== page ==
(This explains the severe dental and gingival problems associated with xerostomia, where the LPO system is deficient; and which are exacerbated by reduced levels of other defence compounds including lactoferrin, lysozyme and the secretory immunoglobulins. In the management of xerostomia, salivary substitutes containing LPO, lactoferrin and lysozyme have been shown to be highly effective (Dirix et al ’07).)

The hypothiocyanite ions are not toxic to human cells, and have little if any effect on probiotic species, making them a near-perfect antibiotic system. And if you’re concerned about resistance issues, reflect on this: it is very difficult indeed for micro-organisms to develop resistance to LPO. We know this because of it was easy for pathogens to develop resistance to LPO we would not have survived as a species, as a key element in our immune system would have been disabled.

The bactericidal effects of LPO can be effectively amplified by delivering hypothiocyanite ions directly, either orally or by inhalation. This technology was initially developed in France for food plant sterilisation, and subsequently adopted by the WHO for bulk milk sterilisation. It has most recently been utilised as a therapeutic strategy in the UK and in Finland, where it is widely used by the dental profession in the prevention and management of periodontal disease. Marketed in the UK by Qures Ltd as ‘Kiss-It-Better’, this remarkable product has rapidly gained a reputation as an extremely effective and safe antibiotic for use in gut and systemic infections. I have included below a list of micro-organisms against which LPO has shown considerable (i.e. useful) activity:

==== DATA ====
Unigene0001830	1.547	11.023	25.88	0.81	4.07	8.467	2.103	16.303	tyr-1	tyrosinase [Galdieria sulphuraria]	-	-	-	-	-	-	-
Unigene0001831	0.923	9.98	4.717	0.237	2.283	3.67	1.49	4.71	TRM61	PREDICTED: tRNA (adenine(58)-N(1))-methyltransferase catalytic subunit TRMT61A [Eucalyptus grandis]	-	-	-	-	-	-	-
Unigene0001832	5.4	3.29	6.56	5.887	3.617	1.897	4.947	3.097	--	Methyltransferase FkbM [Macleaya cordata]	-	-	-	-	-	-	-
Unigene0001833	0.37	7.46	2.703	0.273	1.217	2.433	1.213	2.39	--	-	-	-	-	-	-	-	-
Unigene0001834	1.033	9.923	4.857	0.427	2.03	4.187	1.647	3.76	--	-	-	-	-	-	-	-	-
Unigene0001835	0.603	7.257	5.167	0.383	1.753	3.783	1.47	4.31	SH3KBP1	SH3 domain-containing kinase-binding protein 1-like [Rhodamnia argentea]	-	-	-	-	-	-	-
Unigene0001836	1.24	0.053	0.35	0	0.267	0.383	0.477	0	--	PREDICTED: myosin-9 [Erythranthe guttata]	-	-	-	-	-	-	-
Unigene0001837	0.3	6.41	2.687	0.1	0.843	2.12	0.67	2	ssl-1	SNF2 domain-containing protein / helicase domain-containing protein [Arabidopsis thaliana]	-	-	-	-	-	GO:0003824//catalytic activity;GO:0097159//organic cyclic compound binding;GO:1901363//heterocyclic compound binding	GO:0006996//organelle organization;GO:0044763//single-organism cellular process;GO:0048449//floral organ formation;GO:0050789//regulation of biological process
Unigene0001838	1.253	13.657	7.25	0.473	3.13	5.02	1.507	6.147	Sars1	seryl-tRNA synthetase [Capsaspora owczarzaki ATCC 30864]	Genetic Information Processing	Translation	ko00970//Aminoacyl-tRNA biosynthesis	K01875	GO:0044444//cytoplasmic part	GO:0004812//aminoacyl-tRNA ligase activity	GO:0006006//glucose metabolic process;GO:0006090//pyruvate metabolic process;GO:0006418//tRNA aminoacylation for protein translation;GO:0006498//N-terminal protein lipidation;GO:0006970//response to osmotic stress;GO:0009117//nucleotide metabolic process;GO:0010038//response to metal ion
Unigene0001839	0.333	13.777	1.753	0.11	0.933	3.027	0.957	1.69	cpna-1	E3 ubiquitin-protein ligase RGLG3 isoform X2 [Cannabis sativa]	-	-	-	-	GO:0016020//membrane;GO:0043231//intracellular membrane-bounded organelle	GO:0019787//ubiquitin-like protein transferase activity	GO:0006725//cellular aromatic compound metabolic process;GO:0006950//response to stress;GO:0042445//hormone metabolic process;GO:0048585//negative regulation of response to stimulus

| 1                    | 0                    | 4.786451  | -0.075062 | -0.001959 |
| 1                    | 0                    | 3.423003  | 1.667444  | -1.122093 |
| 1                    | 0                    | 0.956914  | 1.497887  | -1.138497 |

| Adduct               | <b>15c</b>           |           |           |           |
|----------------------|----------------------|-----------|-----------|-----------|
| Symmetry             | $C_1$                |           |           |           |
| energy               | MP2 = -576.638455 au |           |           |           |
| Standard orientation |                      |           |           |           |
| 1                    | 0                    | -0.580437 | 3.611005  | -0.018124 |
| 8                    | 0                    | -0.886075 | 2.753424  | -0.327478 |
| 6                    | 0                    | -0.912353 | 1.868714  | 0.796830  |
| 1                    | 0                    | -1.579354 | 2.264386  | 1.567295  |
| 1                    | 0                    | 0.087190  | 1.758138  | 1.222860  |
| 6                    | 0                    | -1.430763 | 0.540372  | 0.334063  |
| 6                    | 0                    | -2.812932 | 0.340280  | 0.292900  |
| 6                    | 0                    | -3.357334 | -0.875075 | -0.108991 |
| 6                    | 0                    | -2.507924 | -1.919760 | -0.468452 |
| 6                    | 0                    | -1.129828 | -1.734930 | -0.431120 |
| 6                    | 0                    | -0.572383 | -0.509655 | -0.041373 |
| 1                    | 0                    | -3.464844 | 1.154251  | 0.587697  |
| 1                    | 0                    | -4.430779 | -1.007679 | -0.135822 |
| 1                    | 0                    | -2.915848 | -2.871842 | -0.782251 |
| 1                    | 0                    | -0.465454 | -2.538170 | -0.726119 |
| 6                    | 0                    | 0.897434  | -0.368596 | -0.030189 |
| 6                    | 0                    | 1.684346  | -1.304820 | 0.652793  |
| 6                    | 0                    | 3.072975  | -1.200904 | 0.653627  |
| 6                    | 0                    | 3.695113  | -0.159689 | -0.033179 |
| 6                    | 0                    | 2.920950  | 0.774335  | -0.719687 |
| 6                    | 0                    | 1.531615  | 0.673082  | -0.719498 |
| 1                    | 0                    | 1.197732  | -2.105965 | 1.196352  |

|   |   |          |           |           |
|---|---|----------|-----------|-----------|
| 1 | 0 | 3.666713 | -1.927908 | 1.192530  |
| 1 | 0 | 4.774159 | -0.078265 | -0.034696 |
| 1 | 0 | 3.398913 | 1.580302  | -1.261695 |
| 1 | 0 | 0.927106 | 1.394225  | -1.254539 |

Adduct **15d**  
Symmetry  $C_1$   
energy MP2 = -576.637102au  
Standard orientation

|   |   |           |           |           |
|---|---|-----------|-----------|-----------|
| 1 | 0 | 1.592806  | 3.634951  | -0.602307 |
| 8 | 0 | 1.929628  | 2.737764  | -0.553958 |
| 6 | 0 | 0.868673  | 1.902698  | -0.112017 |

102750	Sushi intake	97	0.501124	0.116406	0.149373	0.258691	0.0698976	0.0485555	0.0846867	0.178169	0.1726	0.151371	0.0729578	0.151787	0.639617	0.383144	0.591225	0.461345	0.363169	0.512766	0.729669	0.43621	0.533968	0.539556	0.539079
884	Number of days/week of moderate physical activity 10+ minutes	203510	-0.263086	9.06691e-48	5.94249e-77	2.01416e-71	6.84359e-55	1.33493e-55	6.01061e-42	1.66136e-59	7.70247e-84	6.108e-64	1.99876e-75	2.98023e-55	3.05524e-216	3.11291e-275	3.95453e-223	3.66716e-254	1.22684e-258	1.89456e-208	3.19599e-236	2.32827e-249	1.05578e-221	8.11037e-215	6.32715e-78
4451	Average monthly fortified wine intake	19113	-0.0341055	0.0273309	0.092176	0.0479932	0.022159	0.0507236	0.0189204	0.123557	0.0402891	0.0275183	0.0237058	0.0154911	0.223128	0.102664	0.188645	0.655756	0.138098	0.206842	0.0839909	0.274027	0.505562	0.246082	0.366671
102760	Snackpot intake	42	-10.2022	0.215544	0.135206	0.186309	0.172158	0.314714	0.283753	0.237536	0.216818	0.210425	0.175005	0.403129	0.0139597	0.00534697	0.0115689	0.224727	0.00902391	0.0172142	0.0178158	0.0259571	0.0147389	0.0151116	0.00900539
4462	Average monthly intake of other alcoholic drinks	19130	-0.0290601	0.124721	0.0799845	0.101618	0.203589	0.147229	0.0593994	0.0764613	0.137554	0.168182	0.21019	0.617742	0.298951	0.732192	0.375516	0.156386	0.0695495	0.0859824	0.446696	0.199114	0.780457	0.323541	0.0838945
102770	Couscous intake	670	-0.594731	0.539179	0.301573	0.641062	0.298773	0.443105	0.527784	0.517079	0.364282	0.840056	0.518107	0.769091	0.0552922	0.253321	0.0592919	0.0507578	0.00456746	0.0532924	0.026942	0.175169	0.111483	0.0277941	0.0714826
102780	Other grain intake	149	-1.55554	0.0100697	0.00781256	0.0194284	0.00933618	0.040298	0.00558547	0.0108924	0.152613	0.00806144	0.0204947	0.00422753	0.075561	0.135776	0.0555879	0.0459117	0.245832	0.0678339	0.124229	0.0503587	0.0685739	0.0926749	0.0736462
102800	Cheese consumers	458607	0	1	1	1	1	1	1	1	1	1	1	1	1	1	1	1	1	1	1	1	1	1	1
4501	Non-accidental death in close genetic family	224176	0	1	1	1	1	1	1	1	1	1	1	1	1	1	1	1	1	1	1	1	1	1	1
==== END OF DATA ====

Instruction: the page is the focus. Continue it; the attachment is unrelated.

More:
Bacteria
• Escherichia coli (10)
• Yersinia enterocolitica (4)
• Klebsiella pneumoniae (13)
• Klebsiella oxytoca (10)
• Streptococcus agalactiae
• Streptococcus mutans
• Staphylococcus Aureus
• Salmonella species (12)
• Shigella sonnei (15)
• Listeria monocytogenes
• Acinetobacter species (40)
• Neisseria species (20)
• Haemophilus influenzae (20)
• Campylobacter jejuni (14)
• Aeromonas hydrophila (8)
• Pseudomonas aeruginosa (6)
• Capnocytophaga ochracea
• Selenomonas sputigena
• Wolinella recta
• Enterobacter cloacae (12)

Viruses
• Herpes simplex virus
• Immunodeficient virus
• Respiratory syncytial virus

Yeasts
• Candida albicans

Incidentally, LPO is a ferro-protein, and its effectiveness is therefore compromised by a lack of iron. Iron depletion and deficiency are the most commonly encountered malnutrition conditions, especially in women of childbearing age, and this fully justifies the inclusion of iron in any pharmaco-nutritional support programmes.